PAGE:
Addressing the need for affordable, high-quality early childhood care and education for all in the United States

 
Addressing the need for affordable, high-quality early childhood care and education for all in the United States
Washington Center for Equitable Growth | equitablegrowth.org                       86

Addressing the need for
affordable, high-quality early
childhood care and education
for all in the United States
By Taryn Morrissey, American University

Overview
In 2017–2018, most children in the United States under 6 years of age—68
percent of those in single-mother households and 57 percent in mar-
ried-couple households—lived in homes in which all parents were em-
ployed.1 Most of these families require nonparental early care and edu-
cation, such as childcare centers, preschools, family childcare homes, or
informal arrangements with relatives or neighbors, to care for their children
while at work. In a typical week in 2011, the most recent year for which com-
plete data are available from the U.S. Census Bureau, 12.5 million of the 20.4
million children under the age of 5 living in the United States (61 percent)
attended some type of regular childcare arrangement.2

Unfortunately, on average, the early care and education settings attended
by many young children, particularly low-income children or children of
color, provide quality at levels too low to adequately promote children’s
learning and development.3 This exacerbates socioeconomic and racial and
ethnic inequalities. At the same time, in most regions of the country, fam-
ilies with young children are spending more on childcare than they are on
housing, food, or healthcare.4

In this essay, I argue that greater policy attention to early childcare and edu-
cation is warranted for three reasons:
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„   High-quality early care and education promotes children’s development and
    learning, and narrows socioeconomic and racial/ethnic inequalities.

„   Reliable, affordable childcare promotes parental employment and family
    self-sufficiency.

„   Early care and education is a necessary component of the economic infrastructure.

I then provide the research underlying these three statements, and follow
with a discussion of several policy solutions to address the current prob-
lems of affordability, quality, and supply of early care and education in the
United States. The overwhelming evidence shows that more public invest-
ment is needed to help ease the cost burden for families and ensure that a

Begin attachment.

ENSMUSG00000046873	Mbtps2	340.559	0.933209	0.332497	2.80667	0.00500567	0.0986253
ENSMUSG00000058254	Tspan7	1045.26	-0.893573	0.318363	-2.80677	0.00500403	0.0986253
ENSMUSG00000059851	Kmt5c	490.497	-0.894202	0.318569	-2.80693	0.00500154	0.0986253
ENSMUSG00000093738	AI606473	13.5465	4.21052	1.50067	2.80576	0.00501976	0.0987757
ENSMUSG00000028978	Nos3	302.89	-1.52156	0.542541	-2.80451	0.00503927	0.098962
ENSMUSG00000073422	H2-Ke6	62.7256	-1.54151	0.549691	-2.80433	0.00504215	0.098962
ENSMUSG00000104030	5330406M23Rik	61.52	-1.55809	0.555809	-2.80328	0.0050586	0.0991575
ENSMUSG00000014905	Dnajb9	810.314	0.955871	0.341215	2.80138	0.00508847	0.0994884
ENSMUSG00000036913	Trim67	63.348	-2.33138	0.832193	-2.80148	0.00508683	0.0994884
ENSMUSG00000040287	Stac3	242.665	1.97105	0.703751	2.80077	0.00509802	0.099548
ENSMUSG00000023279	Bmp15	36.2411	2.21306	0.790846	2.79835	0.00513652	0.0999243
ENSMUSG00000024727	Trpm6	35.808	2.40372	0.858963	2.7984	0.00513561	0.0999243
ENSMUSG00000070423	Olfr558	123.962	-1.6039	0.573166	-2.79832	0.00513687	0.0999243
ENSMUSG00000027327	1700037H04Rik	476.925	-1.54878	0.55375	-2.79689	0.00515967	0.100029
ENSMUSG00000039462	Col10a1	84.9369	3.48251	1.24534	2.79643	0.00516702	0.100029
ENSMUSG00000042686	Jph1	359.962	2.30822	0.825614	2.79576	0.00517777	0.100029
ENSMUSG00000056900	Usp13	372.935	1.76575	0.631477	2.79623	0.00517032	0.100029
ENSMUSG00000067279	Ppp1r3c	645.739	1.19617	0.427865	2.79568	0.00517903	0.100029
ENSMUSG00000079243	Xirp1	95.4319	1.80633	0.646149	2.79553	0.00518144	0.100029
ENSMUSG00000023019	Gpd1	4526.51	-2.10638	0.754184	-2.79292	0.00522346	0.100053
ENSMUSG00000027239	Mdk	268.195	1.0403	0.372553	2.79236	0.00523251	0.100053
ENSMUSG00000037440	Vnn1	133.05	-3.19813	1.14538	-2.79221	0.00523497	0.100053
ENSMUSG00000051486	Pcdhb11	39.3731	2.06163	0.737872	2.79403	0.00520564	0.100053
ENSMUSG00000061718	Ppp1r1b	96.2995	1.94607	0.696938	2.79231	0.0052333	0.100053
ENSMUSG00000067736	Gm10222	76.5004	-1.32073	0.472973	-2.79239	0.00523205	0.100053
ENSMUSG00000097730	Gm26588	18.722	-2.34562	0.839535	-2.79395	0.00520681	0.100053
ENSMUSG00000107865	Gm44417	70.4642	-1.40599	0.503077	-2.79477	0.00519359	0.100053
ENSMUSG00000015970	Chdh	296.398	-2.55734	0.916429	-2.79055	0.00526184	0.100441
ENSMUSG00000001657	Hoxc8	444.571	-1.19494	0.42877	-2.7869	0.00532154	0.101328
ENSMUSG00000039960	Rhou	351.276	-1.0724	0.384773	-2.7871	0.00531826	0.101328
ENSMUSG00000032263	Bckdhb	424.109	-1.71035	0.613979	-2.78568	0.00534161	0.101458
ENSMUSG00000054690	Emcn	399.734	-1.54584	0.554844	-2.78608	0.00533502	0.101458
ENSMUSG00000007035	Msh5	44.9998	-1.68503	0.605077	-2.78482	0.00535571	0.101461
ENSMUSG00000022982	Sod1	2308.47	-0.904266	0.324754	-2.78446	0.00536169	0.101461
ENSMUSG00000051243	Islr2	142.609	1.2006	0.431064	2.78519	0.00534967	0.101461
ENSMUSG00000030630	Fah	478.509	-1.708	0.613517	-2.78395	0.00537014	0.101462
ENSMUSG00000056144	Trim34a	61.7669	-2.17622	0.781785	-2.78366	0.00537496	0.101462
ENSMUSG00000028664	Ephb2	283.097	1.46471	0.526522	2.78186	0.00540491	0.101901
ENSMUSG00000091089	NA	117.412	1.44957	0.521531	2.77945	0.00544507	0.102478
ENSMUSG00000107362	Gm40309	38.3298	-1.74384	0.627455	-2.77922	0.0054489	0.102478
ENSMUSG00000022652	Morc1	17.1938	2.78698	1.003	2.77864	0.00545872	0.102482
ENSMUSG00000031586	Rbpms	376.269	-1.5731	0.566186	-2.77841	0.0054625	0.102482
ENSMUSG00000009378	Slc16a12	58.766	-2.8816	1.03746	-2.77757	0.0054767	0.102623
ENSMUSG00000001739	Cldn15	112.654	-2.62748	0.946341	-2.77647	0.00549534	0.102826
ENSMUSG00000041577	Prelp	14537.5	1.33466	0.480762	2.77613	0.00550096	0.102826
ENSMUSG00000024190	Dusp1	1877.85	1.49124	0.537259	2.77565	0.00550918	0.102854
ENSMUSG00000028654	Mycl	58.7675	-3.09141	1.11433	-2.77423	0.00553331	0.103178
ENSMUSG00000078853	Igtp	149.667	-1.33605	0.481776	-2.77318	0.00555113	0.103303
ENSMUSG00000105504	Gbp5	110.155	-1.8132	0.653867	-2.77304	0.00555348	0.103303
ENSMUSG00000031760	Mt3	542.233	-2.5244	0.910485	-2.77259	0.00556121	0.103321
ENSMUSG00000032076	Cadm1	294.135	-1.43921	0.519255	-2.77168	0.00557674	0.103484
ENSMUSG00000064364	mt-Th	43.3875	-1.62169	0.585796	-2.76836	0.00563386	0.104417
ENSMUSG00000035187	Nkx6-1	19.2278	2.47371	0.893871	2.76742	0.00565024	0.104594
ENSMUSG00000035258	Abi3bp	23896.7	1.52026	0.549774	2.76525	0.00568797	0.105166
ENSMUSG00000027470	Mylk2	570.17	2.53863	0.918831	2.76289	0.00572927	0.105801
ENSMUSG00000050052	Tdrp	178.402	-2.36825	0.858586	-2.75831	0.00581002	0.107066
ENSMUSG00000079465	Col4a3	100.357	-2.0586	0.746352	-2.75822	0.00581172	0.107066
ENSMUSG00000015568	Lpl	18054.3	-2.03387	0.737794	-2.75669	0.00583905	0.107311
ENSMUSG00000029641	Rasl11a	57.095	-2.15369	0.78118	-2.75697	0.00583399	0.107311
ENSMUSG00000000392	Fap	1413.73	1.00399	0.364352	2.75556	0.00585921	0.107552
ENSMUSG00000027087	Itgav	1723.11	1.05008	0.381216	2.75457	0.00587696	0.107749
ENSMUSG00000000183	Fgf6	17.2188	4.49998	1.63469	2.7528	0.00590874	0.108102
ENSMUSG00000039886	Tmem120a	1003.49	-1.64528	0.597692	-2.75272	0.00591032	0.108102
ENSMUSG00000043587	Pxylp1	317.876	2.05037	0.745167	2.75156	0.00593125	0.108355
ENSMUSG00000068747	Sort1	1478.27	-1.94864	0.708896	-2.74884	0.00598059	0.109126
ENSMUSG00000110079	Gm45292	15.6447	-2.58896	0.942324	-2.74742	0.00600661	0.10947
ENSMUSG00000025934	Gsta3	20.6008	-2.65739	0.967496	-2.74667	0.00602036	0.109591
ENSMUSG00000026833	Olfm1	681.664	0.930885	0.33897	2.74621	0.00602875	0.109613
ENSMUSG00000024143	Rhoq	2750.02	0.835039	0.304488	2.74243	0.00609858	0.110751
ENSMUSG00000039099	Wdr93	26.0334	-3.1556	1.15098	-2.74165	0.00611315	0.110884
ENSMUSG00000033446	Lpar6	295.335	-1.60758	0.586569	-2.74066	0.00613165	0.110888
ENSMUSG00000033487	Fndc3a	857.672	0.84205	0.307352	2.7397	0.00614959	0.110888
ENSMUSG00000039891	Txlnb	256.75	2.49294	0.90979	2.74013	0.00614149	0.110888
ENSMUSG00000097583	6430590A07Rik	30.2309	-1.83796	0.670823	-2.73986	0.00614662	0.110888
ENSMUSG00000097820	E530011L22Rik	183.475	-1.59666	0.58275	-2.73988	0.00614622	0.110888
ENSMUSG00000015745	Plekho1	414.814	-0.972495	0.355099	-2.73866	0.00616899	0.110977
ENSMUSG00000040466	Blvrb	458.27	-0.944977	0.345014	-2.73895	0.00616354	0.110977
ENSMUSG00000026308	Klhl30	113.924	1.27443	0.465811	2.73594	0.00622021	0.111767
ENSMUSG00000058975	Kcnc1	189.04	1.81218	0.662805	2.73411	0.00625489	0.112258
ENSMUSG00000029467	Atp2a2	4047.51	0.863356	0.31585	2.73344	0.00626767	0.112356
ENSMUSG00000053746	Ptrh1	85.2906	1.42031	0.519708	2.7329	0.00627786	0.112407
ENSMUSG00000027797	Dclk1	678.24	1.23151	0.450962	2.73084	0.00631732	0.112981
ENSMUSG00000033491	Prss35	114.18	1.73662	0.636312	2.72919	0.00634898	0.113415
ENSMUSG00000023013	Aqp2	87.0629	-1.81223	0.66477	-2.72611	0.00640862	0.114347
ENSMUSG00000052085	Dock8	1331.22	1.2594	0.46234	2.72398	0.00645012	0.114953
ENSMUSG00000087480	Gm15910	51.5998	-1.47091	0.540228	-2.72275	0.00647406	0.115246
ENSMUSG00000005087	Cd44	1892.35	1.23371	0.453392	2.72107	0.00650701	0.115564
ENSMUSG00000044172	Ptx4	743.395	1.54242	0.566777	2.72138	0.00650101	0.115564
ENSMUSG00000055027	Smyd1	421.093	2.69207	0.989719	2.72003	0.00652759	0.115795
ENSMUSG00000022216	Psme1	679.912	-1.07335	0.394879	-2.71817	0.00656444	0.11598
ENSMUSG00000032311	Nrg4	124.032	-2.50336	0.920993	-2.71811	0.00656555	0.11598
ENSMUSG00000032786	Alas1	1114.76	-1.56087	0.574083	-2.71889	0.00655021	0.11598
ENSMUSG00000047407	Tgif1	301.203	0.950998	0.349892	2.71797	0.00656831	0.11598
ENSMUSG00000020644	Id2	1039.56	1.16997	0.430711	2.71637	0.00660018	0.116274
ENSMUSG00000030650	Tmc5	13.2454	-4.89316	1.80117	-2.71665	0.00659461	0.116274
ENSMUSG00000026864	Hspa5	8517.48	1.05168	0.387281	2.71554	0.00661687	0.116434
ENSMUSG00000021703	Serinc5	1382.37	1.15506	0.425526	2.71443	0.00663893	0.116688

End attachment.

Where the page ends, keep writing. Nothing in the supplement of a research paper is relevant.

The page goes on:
trained, stable workforce has adequate compensation. A universal early care
and education plan, particularly one with a sliding income scale to provide
progressive benefits, may not pay for itself in the short term, but will very
likely do so in the long term by boosting broad-based U.S. economic growth
and stability while narrowing economic inequality.

Key Takeaways
THE EVIDENCE
„   High-quality early care and education promotes children’s development and
    learning, and narrows socioeconomic, racial, and ethnic inequalities while
    promoting parental employment and family self-sufficiency, yet most existing
    programs in the United States are expensive and difficult for parents to
    juggle alongside their jobs.

„   Existing state and local paid family leave programs help parents manage their
    own health and their newborns’ needs while maintaining their jobs and a basic
    income, but the transition to early care and education is often tumultuous for
    both parents and children, given the dearth of high-quality, affordable options.

THE SOLUTIONs
„   Early care and education is a necessary component of the U.S. economic
    infrastructure. Following periods of paid leave and preceding preschool,
    families face gaps in affordable, high-quality, and stable early care and
    education arrangements that match their working hours. Expanding early
    care and education options can narrow pervasive social and economic
    inequalities and lead to greater U.S. economic growth.
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High-quality early care and education promotes
children’s development and learning and
narrows inequality
Early childhood, especially the first 3 years of life, constitutes a sensitive pe-
riod of the life course, one during which caregiver warmth, responsiveness,
and developmentally appropriate stimulation are vital for development.5
Experiences during early childhood—whether positive, such as language
exposure, or negative, such as high and chronic levels of stress or depriva-
tion—have lasting effects.6 Research demonstrates that socioeconomic dis-
parities in cognitive skills and physical development are apparent in infancy.7

Over the past five decades, a wealth of research has examined how early
care and education affects children’s development. Most studies find that
the majority of the intensive, high-quality, at-scale model programs promote
children’s academic school readiness in the short term. These include the
Abecedarian project (studying a set of children born between 1972 and 1977
into their adult years), the Perry Preschool project (studying of a select group
of children born between 1962 and 1967), the Infant Health and Development
Program (a 1980s program that studied low birth-weight children in their first
3 years), and longstanding federal at-scale early care and education pro-
grams such as Head Start, state pre-Kindergarten programs, and high-quality
center-based programs.8 Effects are generally strongest for disadvantaged
children, suggesting that early care and education may help to narrow socio-
economic, racial, and ethnic disparities in achievement.9